In This Article Expand or collapse the "in this article" section Qualitative Methods in Criminology

  • Introduction
  • Qualitative Data Collection and Analysis
  • Anthologies of Qualitative Research in Criminology
  • Continued Challenges for Qualitative Research in Criminology

Criminology Qualitative Methods in Criminology
Jamie Fader
  • LAST REVIEWED: 26 July 2017
  • LAST MODIFIED: 26 July 2017
  • DOI: 10.1093/obo/9780195396607-0225


Qualitative research formed the basis of much of the early American criminological canon. In the mid-20th century, however, criminology took a decidedly quantitative turn with advanced analytical technology and increased federal funding for survey research. As criminology has fully embraced positivism, qualitative research has been generally marginalized and practicing scholars have struggled to publish or secure funding. Quantitative standards of evaluation are often incorrectly applied to qualitative work. In the last two decades, we have seen a re-emergence in qualitative research in criminology, accompanied by a new appreciation for its unique value for generating and refining theory, as well as documenting the lived experience of offending and criminal justice system involvement. The ascendance of the life-course paradigm is both a cause and consequence of the renewed status of qualitative research. Although qualitative researchers are enjoying a renaissance within the field of criminology, they also face serious obstacles erected by demands for increased speed and volume of publications, heavy reliance on seemingly objective metrics of publication quality, and human subjects concerns.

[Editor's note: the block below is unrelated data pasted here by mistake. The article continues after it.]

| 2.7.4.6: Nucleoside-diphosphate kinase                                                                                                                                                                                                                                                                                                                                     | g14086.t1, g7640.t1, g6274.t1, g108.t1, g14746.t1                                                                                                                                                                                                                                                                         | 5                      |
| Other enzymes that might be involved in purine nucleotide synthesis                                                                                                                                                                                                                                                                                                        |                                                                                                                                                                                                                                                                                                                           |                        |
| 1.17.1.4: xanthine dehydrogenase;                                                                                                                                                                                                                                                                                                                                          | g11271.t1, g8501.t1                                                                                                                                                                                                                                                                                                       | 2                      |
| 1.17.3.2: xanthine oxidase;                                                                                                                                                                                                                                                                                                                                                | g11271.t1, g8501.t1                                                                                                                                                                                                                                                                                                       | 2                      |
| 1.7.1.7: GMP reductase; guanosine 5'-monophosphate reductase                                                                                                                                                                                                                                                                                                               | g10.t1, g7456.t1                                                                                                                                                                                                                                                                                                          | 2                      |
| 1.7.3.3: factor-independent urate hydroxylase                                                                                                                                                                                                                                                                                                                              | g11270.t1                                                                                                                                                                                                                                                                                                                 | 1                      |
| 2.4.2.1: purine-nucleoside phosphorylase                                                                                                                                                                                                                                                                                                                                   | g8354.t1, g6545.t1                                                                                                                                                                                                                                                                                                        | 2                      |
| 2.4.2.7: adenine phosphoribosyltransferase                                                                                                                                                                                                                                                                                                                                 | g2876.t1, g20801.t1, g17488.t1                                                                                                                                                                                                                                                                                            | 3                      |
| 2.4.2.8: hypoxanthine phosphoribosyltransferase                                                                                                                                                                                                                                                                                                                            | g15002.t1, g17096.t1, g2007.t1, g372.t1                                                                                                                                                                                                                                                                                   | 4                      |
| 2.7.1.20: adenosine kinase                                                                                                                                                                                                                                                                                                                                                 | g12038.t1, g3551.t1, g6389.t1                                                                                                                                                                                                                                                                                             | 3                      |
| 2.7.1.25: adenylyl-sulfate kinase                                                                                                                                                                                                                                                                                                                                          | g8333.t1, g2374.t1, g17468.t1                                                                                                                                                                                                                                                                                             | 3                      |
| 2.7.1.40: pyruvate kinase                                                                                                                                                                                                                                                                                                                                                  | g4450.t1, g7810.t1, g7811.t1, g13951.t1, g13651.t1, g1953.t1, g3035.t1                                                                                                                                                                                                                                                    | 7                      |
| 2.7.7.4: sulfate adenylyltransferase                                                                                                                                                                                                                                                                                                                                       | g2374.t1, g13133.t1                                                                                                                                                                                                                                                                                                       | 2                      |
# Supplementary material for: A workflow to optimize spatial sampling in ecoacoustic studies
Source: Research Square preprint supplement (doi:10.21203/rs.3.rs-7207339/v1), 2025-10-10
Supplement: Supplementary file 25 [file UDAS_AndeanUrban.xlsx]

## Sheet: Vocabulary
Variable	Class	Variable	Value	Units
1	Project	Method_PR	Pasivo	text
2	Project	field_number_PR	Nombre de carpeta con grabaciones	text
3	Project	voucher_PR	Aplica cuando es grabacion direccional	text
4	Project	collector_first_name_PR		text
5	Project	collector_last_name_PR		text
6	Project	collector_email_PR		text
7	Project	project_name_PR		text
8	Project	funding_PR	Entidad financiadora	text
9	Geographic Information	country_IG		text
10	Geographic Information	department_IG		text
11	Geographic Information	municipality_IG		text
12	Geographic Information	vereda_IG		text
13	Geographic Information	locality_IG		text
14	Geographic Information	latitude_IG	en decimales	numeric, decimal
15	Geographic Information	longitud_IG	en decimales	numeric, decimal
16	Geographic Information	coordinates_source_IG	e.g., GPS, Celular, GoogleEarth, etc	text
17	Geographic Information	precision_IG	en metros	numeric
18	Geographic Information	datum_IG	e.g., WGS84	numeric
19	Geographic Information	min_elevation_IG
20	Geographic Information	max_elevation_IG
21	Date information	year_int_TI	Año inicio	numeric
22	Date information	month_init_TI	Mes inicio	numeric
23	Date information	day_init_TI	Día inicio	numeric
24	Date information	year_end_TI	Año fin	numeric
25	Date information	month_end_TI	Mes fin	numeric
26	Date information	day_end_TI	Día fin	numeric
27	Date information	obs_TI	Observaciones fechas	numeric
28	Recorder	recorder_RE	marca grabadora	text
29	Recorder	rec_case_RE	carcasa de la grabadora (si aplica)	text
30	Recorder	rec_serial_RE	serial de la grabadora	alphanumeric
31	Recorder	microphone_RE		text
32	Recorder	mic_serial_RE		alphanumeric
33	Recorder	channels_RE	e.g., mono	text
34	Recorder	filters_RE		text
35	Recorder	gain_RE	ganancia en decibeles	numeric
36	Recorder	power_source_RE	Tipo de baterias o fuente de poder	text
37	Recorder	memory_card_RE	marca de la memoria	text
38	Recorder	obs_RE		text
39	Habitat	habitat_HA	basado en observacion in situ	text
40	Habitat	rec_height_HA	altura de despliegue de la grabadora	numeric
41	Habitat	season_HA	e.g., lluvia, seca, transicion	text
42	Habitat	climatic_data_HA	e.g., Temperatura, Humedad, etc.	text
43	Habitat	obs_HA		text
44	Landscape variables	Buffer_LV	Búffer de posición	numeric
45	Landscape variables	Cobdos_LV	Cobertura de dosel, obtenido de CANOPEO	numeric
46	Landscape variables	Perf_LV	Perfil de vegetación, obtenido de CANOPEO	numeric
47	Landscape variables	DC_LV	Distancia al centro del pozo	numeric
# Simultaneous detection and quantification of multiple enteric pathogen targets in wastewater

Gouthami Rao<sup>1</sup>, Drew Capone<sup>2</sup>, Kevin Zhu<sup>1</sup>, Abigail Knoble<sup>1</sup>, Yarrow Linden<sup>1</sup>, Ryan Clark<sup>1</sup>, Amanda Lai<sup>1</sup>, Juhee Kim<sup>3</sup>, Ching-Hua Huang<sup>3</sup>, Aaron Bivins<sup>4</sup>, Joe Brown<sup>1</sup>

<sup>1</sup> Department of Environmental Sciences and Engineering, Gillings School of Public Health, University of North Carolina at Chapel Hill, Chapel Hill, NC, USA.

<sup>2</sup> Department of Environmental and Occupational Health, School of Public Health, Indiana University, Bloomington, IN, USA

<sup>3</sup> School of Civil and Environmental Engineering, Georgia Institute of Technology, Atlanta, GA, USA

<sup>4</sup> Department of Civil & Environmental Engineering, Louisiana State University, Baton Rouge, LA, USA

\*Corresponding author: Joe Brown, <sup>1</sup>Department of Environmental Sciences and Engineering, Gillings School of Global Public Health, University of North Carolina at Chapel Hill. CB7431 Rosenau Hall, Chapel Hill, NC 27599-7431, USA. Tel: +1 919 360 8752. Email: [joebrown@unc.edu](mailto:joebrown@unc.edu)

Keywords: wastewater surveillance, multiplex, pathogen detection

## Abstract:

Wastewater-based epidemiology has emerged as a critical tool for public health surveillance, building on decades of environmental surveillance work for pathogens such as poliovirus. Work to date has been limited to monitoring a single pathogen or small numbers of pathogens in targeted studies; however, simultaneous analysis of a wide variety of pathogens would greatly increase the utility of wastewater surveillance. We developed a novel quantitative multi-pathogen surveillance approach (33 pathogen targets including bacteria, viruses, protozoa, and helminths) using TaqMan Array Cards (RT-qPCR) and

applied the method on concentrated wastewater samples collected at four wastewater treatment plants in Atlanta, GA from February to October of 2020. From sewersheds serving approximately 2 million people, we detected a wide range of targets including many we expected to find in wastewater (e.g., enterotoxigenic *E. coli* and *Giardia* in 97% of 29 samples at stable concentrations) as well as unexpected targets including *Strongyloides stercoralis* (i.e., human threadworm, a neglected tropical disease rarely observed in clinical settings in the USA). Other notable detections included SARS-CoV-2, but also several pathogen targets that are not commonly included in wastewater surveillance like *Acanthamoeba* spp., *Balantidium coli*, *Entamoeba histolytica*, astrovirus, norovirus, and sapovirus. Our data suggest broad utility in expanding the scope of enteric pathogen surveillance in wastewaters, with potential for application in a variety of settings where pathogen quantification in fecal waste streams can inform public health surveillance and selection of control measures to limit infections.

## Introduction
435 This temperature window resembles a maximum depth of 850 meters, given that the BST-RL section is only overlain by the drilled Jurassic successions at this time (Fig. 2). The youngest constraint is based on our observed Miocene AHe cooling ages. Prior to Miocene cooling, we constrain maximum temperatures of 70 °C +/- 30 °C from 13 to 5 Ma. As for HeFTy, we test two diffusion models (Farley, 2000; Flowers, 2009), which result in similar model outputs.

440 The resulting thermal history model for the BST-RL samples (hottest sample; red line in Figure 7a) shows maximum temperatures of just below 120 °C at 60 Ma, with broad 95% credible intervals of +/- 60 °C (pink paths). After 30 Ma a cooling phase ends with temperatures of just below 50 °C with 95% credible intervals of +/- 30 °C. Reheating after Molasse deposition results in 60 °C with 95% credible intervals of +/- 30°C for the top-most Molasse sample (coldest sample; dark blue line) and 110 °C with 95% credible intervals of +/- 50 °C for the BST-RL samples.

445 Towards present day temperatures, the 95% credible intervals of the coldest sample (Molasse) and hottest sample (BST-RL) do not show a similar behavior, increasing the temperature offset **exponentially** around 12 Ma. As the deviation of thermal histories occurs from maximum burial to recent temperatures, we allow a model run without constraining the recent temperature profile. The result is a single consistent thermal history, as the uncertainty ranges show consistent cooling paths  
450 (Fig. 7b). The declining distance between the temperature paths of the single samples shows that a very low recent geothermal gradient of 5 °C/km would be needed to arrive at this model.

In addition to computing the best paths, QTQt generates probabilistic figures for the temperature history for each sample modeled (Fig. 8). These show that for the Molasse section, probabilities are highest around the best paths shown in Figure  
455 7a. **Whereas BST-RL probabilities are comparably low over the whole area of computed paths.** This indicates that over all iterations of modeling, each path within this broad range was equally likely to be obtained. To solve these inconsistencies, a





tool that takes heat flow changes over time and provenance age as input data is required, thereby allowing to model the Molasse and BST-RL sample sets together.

American criminology can trace its roots to University of Chicago Sociology Department, which produced several decades of urban research starting in the early 20th century known as the Chicago School tradition. Robert Ezra Park, one of the department’s founders and a former journalist, urged his students to leave the comforts of the university behind and engage directly in the surrounding communities, documenting social disorganization, community institutions, social inequality, gangs, and other forms of crime and vice.

back to top

Users without a subscription are not able to see the full content on this page. Please subscribe or login.

How to Subscribe

Oxford Bibliographies Online is available by subscription and perpetual access to institutions. For more information or to contact an Oxford Sales Representative click here.